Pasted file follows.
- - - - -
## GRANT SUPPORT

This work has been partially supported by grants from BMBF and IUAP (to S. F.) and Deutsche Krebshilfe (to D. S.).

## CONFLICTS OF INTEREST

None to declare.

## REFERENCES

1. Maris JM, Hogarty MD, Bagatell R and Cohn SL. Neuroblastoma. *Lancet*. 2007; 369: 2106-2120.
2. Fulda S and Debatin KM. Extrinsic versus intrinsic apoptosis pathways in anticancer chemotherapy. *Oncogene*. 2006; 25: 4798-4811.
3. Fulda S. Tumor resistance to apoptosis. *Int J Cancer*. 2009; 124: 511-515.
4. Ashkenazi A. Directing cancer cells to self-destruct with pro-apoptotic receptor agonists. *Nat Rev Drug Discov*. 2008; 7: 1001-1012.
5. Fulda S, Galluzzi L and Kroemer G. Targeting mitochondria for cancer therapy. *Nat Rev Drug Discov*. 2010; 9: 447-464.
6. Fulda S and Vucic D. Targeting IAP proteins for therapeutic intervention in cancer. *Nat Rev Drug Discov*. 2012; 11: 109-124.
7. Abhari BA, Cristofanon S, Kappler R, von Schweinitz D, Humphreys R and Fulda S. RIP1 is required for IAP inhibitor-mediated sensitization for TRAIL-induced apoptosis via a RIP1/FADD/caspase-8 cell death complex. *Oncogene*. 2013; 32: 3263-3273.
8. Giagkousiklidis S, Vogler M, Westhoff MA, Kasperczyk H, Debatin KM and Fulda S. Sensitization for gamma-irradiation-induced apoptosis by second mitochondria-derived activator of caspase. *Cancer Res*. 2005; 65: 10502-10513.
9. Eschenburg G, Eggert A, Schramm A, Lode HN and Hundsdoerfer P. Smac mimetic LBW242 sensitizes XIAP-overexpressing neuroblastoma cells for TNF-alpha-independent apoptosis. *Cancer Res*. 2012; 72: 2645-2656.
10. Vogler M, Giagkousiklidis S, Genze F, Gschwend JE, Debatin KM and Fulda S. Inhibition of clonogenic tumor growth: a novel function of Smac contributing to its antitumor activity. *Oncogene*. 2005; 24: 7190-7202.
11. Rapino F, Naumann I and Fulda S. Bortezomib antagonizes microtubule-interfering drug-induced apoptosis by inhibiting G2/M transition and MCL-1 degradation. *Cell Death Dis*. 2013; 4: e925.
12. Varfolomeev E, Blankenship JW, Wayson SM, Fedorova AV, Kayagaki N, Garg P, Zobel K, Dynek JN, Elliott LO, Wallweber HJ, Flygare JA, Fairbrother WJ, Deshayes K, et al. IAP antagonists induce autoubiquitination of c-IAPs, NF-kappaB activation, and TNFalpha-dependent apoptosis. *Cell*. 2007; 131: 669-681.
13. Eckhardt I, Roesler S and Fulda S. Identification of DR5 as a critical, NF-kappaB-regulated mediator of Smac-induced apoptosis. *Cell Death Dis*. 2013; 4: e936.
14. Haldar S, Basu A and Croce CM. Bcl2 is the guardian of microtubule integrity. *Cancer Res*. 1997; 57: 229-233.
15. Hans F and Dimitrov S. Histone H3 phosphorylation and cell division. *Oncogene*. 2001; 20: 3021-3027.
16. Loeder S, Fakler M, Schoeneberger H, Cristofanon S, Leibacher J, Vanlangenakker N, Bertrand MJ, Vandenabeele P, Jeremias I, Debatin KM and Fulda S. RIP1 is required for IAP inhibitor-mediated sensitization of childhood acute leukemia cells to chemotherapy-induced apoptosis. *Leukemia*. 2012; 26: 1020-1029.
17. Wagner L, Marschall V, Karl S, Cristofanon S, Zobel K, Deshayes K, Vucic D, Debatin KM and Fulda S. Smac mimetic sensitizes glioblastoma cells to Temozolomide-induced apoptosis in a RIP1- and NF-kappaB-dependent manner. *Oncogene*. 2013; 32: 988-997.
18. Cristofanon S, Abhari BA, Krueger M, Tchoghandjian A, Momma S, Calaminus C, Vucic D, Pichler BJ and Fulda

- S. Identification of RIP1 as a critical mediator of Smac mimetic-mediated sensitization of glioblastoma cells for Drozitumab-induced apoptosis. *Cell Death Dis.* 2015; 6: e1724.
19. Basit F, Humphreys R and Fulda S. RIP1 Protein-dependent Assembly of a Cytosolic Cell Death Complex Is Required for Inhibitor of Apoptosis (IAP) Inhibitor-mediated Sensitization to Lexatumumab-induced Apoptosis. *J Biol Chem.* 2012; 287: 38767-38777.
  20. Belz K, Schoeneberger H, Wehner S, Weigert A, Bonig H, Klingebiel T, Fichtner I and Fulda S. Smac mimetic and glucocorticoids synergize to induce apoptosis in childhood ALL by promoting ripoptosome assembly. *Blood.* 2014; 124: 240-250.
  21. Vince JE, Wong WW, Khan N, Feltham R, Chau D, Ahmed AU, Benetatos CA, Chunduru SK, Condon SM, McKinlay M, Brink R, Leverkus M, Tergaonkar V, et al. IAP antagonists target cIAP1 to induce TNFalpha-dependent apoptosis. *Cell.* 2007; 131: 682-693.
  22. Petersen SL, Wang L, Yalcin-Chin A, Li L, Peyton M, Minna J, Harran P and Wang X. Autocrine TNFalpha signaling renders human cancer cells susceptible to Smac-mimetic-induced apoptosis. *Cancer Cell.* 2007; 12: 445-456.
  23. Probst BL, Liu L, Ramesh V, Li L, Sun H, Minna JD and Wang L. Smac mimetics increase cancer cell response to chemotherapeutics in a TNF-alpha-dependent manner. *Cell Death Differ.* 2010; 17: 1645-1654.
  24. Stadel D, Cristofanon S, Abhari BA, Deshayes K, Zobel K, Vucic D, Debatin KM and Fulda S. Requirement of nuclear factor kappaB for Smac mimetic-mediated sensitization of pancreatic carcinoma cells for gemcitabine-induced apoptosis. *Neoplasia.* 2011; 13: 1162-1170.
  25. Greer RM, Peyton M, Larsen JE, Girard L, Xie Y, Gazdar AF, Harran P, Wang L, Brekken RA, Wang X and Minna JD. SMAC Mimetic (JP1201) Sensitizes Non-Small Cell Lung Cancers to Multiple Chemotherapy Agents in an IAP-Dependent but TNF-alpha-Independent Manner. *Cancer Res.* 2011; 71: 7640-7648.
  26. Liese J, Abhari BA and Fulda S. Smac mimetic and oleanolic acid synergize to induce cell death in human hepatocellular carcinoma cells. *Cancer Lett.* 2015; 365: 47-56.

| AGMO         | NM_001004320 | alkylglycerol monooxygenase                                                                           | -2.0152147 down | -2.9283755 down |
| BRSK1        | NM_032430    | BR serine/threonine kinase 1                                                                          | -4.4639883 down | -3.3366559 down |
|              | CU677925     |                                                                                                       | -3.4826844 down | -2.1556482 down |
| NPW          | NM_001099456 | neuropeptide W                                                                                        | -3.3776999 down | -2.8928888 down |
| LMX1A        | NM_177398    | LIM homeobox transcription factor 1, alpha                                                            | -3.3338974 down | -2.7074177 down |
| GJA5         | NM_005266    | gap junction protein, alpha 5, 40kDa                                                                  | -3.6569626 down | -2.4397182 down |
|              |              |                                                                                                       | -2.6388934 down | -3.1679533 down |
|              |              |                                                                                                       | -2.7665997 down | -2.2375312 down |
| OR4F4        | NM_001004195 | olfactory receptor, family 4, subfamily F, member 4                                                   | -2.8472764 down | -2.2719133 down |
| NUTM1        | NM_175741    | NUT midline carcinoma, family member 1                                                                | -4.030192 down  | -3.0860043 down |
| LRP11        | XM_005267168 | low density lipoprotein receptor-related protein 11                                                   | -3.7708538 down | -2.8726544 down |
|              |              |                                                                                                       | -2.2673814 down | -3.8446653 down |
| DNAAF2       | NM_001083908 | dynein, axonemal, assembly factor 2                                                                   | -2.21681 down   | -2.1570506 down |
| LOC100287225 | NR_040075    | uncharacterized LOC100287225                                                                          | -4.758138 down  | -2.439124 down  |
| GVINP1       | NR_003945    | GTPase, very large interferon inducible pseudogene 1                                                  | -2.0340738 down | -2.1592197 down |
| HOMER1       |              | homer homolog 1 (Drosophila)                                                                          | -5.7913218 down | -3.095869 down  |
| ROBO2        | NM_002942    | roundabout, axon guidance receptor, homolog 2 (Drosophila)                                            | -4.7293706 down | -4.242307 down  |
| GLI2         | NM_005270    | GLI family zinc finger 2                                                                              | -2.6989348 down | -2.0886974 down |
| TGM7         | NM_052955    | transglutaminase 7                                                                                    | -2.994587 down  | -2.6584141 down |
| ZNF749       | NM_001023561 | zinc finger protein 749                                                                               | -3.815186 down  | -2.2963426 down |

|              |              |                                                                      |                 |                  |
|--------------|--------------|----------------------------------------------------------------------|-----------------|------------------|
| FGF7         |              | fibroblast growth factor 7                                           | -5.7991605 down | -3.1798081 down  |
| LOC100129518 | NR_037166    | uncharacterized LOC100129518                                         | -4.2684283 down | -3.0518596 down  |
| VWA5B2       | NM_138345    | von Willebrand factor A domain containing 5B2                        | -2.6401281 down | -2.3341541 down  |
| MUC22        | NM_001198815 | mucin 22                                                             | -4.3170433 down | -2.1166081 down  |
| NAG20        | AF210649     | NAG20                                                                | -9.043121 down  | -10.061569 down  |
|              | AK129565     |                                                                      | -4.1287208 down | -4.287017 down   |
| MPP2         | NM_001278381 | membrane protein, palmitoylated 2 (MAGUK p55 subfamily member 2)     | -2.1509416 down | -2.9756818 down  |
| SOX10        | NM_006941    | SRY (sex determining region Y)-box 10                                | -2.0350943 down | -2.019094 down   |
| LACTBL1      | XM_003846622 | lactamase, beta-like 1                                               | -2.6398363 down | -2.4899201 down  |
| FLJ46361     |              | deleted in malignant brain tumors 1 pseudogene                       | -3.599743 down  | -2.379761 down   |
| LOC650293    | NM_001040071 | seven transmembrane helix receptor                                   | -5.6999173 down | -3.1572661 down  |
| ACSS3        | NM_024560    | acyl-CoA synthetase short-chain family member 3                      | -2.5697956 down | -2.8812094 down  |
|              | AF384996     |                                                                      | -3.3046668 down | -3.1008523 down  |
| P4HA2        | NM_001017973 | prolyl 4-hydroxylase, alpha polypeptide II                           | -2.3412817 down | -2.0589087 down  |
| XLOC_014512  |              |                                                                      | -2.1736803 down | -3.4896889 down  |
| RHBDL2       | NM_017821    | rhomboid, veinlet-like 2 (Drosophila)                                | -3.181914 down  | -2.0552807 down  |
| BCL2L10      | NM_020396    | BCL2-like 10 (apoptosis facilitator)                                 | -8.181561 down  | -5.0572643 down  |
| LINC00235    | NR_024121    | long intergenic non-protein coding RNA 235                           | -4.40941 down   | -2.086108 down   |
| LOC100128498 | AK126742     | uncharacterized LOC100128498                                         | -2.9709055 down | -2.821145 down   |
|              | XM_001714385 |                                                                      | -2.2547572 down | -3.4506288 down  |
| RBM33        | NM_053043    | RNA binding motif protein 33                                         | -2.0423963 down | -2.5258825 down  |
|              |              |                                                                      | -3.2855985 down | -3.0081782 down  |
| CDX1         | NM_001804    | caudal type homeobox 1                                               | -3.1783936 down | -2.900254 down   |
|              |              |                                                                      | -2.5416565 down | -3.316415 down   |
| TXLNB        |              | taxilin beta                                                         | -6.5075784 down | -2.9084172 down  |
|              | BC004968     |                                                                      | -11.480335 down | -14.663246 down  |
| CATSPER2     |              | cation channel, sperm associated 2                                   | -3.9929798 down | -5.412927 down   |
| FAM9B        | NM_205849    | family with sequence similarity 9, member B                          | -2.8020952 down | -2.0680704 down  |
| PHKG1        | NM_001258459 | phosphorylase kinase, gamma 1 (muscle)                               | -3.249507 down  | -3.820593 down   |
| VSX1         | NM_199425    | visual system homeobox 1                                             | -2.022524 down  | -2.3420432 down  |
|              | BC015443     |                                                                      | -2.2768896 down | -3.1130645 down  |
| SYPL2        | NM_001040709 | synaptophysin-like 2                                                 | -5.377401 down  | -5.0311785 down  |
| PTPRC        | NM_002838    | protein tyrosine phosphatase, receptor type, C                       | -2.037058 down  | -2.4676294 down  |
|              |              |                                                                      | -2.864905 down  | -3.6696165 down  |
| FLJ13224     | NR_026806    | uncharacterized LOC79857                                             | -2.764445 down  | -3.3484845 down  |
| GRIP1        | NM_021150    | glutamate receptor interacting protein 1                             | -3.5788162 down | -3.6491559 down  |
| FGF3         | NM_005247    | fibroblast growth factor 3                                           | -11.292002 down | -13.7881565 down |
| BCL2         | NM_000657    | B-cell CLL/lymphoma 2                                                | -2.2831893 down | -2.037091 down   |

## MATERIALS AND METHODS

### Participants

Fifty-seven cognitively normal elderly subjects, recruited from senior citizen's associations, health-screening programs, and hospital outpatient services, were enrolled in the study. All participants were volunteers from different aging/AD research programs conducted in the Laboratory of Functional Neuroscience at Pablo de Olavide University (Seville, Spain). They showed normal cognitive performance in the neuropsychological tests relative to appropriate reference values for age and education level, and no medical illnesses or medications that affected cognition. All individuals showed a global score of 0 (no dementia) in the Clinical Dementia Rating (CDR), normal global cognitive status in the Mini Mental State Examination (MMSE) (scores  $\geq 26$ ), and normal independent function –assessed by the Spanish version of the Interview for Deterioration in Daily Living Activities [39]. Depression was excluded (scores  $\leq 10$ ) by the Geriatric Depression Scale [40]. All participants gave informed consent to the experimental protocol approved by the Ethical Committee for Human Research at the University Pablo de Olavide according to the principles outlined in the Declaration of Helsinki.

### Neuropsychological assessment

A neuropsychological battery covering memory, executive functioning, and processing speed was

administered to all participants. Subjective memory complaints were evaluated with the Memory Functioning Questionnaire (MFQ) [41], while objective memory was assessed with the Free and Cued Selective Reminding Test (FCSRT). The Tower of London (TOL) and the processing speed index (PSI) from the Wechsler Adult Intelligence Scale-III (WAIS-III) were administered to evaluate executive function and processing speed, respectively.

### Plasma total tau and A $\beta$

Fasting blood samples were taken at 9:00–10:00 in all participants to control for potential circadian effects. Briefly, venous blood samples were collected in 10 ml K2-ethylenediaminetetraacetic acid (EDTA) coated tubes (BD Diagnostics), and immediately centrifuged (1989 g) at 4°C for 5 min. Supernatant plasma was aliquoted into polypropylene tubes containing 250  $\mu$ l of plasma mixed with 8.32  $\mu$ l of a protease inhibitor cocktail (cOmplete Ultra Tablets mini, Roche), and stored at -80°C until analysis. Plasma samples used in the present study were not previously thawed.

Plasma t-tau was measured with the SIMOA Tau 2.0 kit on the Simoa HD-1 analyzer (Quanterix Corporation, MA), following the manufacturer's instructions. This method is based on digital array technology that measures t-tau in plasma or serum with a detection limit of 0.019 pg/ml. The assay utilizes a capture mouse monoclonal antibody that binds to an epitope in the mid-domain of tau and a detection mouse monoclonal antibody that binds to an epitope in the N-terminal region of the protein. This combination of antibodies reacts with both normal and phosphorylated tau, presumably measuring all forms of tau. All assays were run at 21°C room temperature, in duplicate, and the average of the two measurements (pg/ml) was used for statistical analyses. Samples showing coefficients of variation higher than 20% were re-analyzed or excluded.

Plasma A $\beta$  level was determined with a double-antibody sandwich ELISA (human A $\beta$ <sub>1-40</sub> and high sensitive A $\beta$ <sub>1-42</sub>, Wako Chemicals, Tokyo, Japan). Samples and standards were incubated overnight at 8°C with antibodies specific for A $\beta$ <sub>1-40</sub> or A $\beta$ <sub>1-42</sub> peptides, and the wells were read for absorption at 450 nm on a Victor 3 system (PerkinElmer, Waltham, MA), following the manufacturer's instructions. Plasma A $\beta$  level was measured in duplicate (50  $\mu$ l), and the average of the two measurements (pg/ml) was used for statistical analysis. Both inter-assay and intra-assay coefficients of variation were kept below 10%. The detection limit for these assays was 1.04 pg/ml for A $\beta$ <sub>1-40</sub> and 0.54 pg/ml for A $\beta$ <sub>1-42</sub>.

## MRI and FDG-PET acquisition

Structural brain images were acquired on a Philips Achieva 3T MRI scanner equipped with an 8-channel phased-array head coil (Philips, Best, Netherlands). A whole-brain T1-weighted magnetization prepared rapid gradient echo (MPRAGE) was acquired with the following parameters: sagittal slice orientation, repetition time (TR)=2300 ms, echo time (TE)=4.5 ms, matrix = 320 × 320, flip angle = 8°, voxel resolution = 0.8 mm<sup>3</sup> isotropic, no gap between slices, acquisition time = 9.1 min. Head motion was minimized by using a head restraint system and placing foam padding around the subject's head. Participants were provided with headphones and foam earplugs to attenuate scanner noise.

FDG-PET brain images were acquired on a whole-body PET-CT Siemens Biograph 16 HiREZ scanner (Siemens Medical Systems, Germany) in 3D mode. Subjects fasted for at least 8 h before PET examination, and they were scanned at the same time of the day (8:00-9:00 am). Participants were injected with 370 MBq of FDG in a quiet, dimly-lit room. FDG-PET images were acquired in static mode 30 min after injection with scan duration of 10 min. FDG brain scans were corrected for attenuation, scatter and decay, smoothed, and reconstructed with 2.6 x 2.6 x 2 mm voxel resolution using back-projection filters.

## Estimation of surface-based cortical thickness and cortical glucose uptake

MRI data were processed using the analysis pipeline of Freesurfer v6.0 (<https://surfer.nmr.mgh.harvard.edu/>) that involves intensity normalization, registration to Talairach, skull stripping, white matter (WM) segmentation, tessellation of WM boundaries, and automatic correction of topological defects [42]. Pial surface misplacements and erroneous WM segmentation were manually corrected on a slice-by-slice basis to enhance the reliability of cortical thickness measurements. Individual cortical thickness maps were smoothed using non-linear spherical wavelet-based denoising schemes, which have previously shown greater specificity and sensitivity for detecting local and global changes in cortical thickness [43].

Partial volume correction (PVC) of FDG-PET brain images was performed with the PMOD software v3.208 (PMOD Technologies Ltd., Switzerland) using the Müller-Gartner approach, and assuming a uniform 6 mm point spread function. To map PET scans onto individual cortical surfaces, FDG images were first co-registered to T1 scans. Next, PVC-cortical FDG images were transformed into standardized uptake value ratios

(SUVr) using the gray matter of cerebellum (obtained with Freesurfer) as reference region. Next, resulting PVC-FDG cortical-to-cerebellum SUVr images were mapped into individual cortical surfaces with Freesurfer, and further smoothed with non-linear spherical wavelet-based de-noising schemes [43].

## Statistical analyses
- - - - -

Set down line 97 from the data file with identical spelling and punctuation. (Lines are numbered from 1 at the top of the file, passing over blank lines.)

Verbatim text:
A neuropsychological battery covering memory, executive functioning, and processing speed was